New York Woman's Literary Salon

September - October 1979 Newsletter

Text of the Newsletter:
SEPT 22-JOVETTE MARCHESSAULT
"LES VACHES DE NUIT" ("NIGHT COWS"), a bilingual dramatic reading by Pol Pelletier, founder of Le Theatre Experimental des Femmes in Montreal.
Our social hour this evening will be dedicated to a celebration of He'lene de Beauvoir, whose feminist art exposition opens at 5:00 on the same day. We invite you to attend the opening at the WARD-NASSE Gallery; 178 Prince Street, NYC and then to meet He'lene de Beauvoir at our salon at 7:00 p.m. [Click here for a photograph from the Jovette Marchessault and Helene de Bueavoir salon]

OCT 20-KATHERINE BRADY
reading from FATHER'S DAYS: A TRUE STORY OF INCEST, followed by a free group sharing of experiences in this area. Both Salons will take place on Saturday nights at 7 p.m. at the home of Erika Duncan:
463 West Street (Westbeth) Apt. 933B
Between Bank and Bethune Streets.
PLEASE SAVE THIS NEWSLETTER AS IT COVER TWO SALONS!

September 22:
JOVETTE MARCHESSAULT, LES VACHES DE NUIT (NIGHT COWS)-A bilingual dramatic reading by Pol Pelletier, founder of Le Theatre Experimental des Femmes in Montreal.

Photo by Josee Coulombe note reproduced here. For photographs of Pol Pelletier's performance go to Select Womens' Salons Photographs page.

The Woman's Salon will inaugurate its fifth salon season on Sept. 22, 1979 with an international bilingual program of visionary feminist literature, theatre and art from Quebec.

Jovette Marchessault, whose creative work we are excited about presenting to American women, is a multi-talented, self-taught feminist writer, painter and sculptor whose mythico-poetic universe first came into being when she was in her mid-thirties. It was upon the painful event of the

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death of her beloved grandmother, whose magical spirit infuses all of her writings, that she decided to leave her job in Montreal and to transform her life by withdrawing to the peaceful banks of the Riviere Ouareau in order to compose her first novel, COMME UNE ENFANT DE LA TERRE (Editions Lemeac 1975). One year later this inspired work was selected as the winner of the PRIX FRANCE-QUEBEC for 1976.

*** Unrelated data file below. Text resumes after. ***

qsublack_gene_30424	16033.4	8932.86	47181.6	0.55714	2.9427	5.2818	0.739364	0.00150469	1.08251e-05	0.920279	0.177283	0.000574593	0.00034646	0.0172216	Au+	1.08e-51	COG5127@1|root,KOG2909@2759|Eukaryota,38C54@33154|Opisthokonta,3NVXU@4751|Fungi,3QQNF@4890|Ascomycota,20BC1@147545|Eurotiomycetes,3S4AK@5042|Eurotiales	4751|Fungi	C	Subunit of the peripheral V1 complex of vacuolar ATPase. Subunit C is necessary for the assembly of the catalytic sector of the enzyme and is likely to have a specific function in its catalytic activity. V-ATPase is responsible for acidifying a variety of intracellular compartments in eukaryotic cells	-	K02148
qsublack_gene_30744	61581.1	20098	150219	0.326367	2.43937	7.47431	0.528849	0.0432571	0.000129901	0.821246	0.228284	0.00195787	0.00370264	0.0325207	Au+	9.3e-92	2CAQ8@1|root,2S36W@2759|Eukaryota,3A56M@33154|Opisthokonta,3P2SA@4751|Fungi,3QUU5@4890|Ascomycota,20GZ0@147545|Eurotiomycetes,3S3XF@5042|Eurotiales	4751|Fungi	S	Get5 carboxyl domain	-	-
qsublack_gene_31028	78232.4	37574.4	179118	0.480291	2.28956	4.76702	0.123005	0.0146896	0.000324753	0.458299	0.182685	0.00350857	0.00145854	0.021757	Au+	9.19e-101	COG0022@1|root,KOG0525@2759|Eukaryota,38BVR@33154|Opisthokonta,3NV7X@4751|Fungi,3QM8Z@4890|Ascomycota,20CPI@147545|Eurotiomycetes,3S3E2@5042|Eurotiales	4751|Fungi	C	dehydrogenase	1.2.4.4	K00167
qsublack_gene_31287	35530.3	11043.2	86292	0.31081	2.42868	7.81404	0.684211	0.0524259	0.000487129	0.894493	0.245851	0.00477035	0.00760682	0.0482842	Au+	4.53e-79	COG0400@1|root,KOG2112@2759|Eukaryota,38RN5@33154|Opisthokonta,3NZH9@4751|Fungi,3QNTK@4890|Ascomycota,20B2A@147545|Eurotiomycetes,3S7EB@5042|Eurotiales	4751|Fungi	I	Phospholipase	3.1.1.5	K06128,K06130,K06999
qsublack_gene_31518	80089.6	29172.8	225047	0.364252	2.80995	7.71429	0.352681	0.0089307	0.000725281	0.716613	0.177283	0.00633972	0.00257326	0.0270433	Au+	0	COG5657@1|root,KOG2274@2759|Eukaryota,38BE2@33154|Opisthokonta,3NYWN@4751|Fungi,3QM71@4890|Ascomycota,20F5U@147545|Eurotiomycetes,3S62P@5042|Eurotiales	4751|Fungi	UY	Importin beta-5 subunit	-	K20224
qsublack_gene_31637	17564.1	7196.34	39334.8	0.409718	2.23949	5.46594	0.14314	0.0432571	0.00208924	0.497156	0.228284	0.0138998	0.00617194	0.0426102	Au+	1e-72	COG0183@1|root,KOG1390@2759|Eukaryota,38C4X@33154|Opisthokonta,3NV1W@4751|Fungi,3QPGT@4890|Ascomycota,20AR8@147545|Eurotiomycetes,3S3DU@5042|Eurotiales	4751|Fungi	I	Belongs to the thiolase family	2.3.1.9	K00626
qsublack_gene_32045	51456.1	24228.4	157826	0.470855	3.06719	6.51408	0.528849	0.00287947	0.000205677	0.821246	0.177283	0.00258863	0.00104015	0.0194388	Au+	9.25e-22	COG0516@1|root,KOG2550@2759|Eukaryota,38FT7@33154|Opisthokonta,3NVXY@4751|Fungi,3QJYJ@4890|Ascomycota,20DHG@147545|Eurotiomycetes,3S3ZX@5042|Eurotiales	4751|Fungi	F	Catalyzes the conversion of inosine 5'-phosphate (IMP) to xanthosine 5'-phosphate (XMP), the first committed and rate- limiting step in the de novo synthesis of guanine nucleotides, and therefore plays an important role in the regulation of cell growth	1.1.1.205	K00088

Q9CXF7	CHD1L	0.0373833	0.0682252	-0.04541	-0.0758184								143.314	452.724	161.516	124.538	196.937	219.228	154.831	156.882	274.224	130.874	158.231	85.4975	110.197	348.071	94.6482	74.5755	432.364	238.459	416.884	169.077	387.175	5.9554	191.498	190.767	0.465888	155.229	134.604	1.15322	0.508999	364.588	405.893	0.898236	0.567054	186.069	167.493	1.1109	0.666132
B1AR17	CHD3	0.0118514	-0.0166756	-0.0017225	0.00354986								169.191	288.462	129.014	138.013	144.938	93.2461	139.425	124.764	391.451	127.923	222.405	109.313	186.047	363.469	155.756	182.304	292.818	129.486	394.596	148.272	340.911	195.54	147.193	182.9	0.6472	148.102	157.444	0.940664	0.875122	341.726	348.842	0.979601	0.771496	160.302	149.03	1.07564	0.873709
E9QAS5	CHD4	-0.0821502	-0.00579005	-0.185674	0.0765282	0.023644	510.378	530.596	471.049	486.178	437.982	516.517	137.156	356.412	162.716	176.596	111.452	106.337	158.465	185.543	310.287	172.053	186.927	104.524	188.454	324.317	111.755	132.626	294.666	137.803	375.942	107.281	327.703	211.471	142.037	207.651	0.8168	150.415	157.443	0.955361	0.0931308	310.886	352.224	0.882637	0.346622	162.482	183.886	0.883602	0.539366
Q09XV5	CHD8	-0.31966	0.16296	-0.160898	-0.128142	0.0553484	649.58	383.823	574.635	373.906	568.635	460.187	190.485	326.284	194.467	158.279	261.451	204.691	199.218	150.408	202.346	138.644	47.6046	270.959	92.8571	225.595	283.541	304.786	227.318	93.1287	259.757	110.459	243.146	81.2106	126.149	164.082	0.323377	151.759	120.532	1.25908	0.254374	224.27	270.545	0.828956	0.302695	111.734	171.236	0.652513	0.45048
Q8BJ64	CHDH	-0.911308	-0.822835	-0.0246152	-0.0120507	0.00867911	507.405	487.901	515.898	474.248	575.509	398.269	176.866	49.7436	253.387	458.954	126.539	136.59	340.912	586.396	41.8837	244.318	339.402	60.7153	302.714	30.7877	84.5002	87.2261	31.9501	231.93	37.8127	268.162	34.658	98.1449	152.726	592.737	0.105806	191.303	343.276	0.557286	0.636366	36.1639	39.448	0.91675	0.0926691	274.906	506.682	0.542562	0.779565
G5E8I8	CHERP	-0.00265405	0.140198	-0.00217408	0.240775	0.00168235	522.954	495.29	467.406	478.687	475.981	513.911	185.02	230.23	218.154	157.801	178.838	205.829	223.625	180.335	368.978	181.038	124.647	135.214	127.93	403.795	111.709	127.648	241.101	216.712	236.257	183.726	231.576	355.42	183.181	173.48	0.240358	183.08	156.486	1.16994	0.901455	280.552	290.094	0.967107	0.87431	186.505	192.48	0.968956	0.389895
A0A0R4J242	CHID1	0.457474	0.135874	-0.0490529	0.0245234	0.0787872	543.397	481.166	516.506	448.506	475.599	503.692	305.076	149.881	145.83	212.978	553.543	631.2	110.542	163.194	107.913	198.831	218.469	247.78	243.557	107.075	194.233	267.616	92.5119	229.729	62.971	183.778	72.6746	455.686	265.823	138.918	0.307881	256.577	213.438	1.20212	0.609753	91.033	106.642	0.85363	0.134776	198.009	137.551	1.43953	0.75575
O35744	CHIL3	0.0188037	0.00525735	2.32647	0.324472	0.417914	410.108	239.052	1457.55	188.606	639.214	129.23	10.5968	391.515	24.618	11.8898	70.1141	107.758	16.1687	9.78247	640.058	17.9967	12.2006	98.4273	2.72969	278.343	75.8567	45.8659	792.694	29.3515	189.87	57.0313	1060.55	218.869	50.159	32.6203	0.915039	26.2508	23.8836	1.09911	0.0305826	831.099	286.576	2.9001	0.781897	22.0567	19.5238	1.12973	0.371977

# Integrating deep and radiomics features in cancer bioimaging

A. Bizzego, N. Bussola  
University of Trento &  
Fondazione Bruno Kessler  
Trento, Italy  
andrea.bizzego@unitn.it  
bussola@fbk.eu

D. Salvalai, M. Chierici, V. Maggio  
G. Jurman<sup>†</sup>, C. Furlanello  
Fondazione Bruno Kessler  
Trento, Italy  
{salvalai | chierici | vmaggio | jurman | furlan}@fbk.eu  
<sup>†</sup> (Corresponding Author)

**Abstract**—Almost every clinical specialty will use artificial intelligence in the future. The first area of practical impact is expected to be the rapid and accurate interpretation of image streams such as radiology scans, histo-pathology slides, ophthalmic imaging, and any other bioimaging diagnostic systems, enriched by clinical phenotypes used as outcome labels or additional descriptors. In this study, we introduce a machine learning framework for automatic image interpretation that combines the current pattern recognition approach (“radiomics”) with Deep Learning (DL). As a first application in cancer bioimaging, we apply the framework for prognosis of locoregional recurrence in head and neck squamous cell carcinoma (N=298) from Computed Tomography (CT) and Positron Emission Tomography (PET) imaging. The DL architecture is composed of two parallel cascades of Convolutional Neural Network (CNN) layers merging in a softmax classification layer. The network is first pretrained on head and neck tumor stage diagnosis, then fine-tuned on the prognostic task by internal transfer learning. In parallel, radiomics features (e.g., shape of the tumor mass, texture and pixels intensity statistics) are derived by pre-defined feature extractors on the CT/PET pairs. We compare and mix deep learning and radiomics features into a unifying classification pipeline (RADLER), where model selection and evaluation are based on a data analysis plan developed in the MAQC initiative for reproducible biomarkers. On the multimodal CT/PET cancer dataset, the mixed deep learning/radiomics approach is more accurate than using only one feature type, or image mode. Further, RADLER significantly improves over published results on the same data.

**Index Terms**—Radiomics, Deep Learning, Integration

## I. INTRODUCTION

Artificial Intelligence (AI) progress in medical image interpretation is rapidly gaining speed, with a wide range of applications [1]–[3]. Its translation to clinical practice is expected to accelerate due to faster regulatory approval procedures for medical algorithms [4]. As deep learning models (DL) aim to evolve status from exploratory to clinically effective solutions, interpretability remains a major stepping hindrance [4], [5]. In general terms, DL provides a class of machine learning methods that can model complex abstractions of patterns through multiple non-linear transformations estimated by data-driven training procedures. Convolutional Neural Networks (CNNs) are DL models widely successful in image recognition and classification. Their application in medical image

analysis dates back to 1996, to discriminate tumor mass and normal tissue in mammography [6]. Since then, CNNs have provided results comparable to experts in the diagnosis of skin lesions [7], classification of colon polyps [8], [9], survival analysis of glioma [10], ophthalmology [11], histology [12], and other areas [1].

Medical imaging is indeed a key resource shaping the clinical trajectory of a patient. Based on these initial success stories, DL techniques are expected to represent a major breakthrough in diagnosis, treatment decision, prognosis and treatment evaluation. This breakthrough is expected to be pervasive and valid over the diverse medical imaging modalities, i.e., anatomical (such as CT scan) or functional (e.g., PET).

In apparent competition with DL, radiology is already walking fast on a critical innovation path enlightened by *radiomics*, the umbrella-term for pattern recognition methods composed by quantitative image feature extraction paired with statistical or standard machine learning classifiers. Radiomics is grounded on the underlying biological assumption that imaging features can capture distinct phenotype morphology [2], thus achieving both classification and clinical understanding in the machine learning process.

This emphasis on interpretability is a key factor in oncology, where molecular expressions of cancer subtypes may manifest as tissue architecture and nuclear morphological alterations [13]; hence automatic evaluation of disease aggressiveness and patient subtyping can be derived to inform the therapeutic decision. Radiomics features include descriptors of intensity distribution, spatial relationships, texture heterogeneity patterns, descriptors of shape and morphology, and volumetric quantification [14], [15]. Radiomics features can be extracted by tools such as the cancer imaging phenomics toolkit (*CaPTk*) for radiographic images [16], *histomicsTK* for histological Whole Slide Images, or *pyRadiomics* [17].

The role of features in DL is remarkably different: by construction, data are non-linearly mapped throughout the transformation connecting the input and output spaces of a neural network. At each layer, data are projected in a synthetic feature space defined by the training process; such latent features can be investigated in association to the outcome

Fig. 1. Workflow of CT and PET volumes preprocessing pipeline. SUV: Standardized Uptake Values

Jovette Marchessault has written poignantly of her artistic inspiration: 'Like you I am a child of the stars. Born of winter, I have wandered long through many seasons until I came to painting, to writing. My work is a reflection of a yearning, a yearning for the times when a sacred order reigned over the land of the quick ... then we were participants-woman's head, her shoulders matched the curve of the sky."

When I first read her book, COMME UNE ENFANT DE LA TERRE (LIKE A DAUGHTER OF THE EARTH) only one year ago, I was moved beyond words by the poetic beauty, the epic aspirations, and the mythic depths of the text. Here at last was a new kind of feminist writing. Here at last was a work that embarked upon a search for cosmic renewal, creating a universe in which woman's primordial powers were restored to their full temporal and archetypal dimensions; one that transported us to the very origins of pre-patriarchal space and time in an ecstatic shamanic trip towards the recovery of a lost womansoul. The vision-quest journey made by Jovette Marchessault's autobiographical protagonist is a sacred female journey towards those ancestral images and vibrant energies that restore an original telluric contact with our ancient female ancester, The Great Plant Mother, LA MERE DES HERBES, which is the title of her second novel. These two novels (the third is now in-progress) form part of a trilogy which I see as creating a new feminist myth of origins-one that celebrates the resurrection of our mythic, historical and literary ancestors, climaxing in a ritual rebirth of the Self that affirms the primeval majesty of our celestial and terrestrial Ur-nature. In this "second coming" where woman is born of woman to woman through her own election, she awakens to a world recreated in her own image and emerges as a self- generating, self-perpetuating force, a New Being, whose presence is an incarnation of all the powers and the wonders of the Great Mother on the terrestrial plane:

"I'm coming. I'm coming quickly. I'm coming like a mud-slide, belly to belly with a toad, scale to scale with a pike, hide to hide with a moose, with a she-wolf of the north, with a she-bear. I glance once more over the ground of permanent sacrifice! I survey its depressions, its holes, its continents and archipelagoes. I also see a centaur on the church porch and a bull in the railroad yard. And I choose them, I choose them! Why them? Why? That's none of your business: there is a new beginning for everything and you will never make me believe that the well-spring of motivation is metaphysical; that it flows directly from the Great Spirit, from the breast of the Great She-Bear accompanied by all sorts of admirable signs, miracles, and mutations, and that this source makes us fruitful.

"I could have chosen to land on the Ile de Re off the coast of France or in Poland or in Northern Ireland. But I chose to arrive in this subarctic land since the climate of my heart was already favourable to dreaming, music, and fine, driving snow. I am coming home, home to the sacred geography of the Amerindian earth. The wind howls. Time passes. The sky trembles. Below is winter. My mother raps with her hooves on the porch of a church on Rachel Street, bending herself into an arch.

"The time has come; they give me the signal and I dive, I dive, I descend straight as an arrow like a gob of spit let fly from the patriarchal sun." (COMME UNE ENFANT DE LA TERRE pp. 347-34). Translation by Yvonne Klein.

When I first met Jovette Marchessault last August she had not yet written LES VACHES DE NUIT (NIGHT COWS), the text which moved over 1,000 Quebequoise women to ecstasy and tears this past winter in Montreal, and which will be performed for you at our first salon as it was